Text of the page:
Anthony kicked off the conversation by outlining the University’s policy on free speech, which states that the University is committed to the protection of speech, assembly and lawful protest and grants student organizations and individuals the right to demonstrate on campus as long as the actions are not “disruptive of normal University functions.” She said since GW is a private university, GW is not legally obligated to protect free speech, but they choose to as an institution.

She said the University can restrict the time, place and manner of speech, anything criminal, some hate speech and any discriminatory speech. Anthony then asked attendees to consider how to resolve conflicts between free speech and the harm free speech can cause.

When a student brought up the anti-Israel statements projected onto Gelman Library in October, Anthony said “vandalism,” regardless of the content of a speech, is not protected under GW’s free speech policy.

Another student at the meeting asked officials what the purpose of the new series was and if the University was looking for student feedback to change specific policies regarding free speech. Anthony said she is “always examining and questioning” University policy and trying to improve it, which is why officials want as much student feedback as possible.

Wright said officials understand the “tension” that the Hamas attack Oct. 7 caused on GW’s campus and how subsequent decisions by University officials, like the suspension of SJP in November, added to that tension. While the discussions may not impact GW’s policies, the discussions are aimed at soliciting students’ feedback on officials’ actions and decisions, Wright said.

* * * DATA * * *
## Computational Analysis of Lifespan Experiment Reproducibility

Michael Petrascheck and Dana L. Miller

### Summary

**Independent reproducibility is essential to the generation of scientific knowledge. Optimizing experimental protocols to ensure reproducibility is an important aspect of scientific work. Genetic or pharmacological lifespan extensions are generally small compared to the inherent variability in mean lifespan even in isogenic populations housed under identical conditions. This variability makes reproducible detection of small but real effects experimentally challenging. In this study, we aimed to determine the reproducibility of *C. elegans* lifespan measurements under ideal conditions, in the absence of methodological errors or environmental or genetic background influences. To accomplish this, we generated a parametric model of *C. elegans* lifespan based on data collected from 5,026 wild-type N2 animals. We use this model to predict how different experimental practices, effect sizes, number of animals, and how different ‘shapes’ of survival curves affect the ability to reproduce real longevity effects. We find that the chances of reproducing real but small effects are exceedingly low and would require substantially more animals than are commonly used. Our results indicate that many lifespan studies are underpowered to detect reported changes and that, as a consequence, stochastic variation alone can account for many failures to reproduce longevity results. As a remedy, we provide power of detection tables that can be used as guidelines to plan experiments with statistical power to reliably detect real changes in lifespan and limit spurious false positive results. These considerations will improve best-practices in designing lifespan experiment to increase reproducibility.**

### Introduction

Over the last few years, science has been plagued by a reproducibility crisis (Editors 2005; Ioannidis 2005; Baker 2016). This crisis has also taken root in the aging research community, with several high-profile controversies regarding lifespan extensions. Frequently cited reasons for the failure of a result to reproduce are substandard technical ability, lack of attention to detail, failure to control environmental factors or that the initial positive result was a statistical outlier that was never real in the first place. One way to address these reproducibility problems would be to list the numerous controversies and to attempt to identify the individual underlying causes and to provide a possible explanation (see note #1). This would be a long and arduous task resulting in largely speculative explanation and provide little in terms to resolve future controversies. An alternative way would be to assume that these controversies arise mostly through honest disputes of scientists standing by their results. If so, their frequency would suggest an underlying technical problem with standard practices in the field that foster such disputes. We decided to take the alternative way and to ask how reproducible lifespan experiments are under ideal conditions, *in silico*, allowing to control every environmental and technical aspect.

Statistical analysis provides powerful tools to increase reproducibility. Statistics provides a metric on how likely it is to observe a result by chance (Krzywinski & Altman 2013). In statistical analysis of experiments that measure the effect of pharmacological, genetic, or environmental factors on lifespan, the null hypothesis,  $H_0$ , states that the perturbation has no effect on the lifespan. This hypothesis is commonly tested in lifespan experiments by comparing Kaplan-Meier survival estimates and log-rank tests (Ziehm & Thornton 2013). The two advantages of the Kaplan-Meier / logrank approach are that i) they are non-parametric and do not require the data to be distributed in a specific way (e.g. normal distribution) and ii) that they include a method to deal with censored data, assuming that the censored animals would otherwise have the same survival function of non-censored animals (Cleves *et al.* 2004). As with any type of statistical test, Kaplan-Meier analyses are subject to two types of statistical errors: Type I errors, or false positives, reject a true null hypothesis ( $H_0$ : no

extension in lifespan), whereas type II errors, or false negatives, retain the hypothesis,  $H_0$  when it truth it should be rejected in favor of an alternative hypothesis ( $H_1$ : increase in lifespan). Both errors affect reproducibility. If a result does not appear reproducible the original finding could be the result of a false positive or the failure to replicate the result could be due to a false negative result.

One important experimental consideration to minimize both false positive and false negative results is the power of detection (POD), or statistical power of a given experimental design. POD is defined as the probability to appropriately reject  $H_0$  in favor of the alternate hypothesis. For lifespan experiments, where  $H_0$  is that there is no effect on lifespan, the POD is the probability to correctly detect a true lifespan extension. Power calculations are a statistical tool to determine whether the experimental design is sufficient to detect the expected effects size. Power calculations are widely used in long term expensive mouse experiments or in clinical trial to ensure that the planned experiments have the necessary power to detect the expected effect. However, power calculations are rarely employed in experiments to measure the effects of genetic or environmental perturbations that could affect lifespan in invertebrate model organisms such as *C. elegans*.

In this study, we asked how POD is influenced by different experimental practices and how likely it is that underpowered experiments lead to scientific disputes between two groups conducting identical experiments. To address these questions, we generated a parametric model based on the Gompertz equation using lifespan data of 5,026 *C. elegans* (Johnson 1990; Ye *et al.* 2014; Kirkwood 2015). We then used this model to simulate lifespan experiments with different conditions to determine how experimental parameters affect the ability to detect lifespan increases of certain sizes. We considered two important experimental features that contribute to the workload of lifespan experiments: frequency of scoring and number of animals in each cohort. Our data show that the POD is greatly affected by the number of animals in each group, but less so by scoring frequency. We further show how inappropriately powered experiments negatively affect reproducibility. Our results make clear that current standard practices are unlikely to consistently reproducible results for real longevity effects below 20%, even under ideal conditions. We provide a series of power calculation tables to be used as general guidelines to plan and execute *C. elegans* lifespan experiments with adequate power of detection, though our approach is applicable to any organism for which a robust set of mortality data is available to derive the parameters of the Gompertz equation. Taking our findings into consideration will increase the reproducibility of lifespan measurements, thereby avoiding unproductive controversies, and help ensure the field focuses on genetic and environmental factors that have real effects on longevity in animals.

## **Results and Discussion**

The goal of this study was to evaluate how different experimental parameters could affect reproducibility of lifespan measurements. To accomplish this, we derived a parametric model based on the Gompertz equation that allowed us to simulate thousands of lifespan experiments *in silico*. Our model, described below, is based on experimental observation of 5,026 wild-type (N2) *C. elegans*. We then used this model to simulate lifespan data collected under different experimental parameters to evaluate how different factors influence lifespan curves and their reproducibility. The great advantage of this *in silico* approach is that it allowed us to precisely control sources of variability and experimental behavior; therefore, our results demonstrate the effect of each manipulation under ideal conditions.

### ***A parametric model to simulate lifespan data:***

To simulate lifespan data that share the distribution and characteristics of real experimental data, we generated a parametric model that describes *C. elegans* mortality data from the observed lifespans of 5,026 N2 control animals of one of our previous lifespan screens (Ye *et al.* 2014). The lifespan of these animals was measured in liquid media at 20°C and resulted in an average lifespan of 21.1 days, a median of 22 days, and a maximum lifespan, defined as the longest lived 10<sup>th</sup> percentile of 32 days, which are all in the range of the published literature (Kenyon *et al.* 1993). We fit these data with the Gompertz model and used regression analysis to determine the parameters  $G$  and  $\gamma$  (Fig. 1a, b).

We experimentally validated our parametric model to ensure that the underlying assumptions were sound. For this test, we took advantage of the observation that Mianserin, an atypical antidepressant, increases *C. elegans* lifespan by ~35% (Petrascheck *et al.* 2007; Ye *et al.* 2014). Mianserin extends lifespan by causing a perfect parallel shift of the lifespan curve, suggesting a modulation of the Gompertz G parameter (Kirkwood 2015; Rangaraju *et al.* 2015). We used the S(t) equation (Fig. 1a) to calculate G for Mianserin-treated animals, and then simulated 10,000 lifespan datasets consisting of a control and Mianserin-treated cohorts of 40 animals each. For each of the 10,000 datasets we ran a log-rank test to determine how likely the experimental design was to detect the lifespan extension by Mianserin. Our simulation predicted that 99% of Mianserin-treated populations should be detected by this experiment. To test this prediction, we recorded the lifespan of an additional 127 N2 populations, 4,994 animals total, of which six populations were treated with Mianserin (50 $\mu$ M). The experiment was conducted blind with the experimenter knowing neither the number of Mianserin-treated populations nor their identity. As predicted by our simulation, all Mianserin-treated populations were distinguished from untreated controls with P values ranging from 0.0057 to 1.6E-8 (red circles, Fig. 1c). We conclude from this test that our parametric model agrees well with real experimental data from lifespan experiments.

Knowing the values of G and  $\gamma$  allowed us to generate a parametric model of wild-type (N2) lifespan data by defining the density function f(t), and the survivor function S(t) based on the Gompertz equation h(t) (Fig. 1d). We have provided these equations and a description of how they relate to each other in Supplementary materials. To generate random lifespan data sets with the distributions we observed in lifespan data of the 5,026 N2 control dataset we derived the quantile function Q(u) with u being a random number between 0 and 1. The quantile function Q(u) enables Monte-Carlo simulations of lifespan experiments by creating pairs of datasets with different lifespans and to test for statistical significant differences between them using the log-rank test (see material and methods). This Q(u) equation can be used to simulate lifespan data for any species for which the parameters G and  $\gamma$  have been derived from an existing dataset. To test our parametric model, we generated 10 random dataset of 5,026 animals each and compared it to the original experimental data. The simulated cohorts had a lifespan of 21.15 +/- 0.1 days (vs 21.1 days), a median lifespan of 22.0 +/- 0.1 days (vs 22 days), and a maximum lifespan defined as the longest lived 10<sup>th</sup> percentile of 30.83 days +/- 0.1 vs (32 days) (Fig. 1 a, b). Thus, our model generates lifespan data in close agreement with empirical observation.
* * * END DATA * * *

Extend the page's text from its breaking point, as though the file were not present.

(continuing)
A different student at the meeting said instead of trying to prevent harm, the University should instead acknowledge that some harm is inevitable when students have a right to free speech.

“We are willing to tolerate as a University some of the risk and harm associated with some forms of what people would call hate speech because we think that that is necessary to providing a free exchange of ideas and critical examination,” Anthony said in response. “We’ve said, however, we do not tolerate discriminatory misconduct that has gone beyond the risk tolerance.”

Anthony concluded the discussion by saying that it is difficult to find absolutes in the issue of free speech since the line of what is harmful is often unclear. She said conversations like those during the event are valuable to get different perspectives on how students view harm and how it should be addressed.

Sarah Felsen, a doctoral student pursuing a degree in neuroscience, said she came to the event because she wanted to hear differing perspectives from other students and help contribute to the conversation surrounding free speech.

“One, this is an important topic, and two, oftentimes when it comes to discussions about fundamental philosophical principles, it’s very rare to get a space where those things are being addressed head-on,” Felsen said. “Because most people assume that their own perspectives on the bedrock assumptions about things like human rights and equity are shared.”

Felsen said she felt more people needed to show up for the conversation to have more impact, noting that just three students attended this event. She said officials should make these conversations more accessible to students. During the session, she suggested that New Student Orientation should have a “How to Disagree with People 101” workshop to help people confront others with different lived experiences than them.

“It’s mainly important because it establishes a common vocabulary,” Felsen said. “But I also think that the people who most need to participate in this discussion — i.e. everyone — did not show up. The somewhat reactive nature of these sorts of things on the administration’s basis makes it hard for people to learn and apply these lessons.”

The next Dinner & Dialogue will take place Monday in the student center at 7 p.m. and will cover conversations about conflict.

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About the Contributor
Fiona Bork, Assistant News Editor
Fiona Bork is a sophomore majoring in journalism and mass communication from San Diego, California. She is The Hatchet's 2023-2024 assistant news editor for the Student Life beat.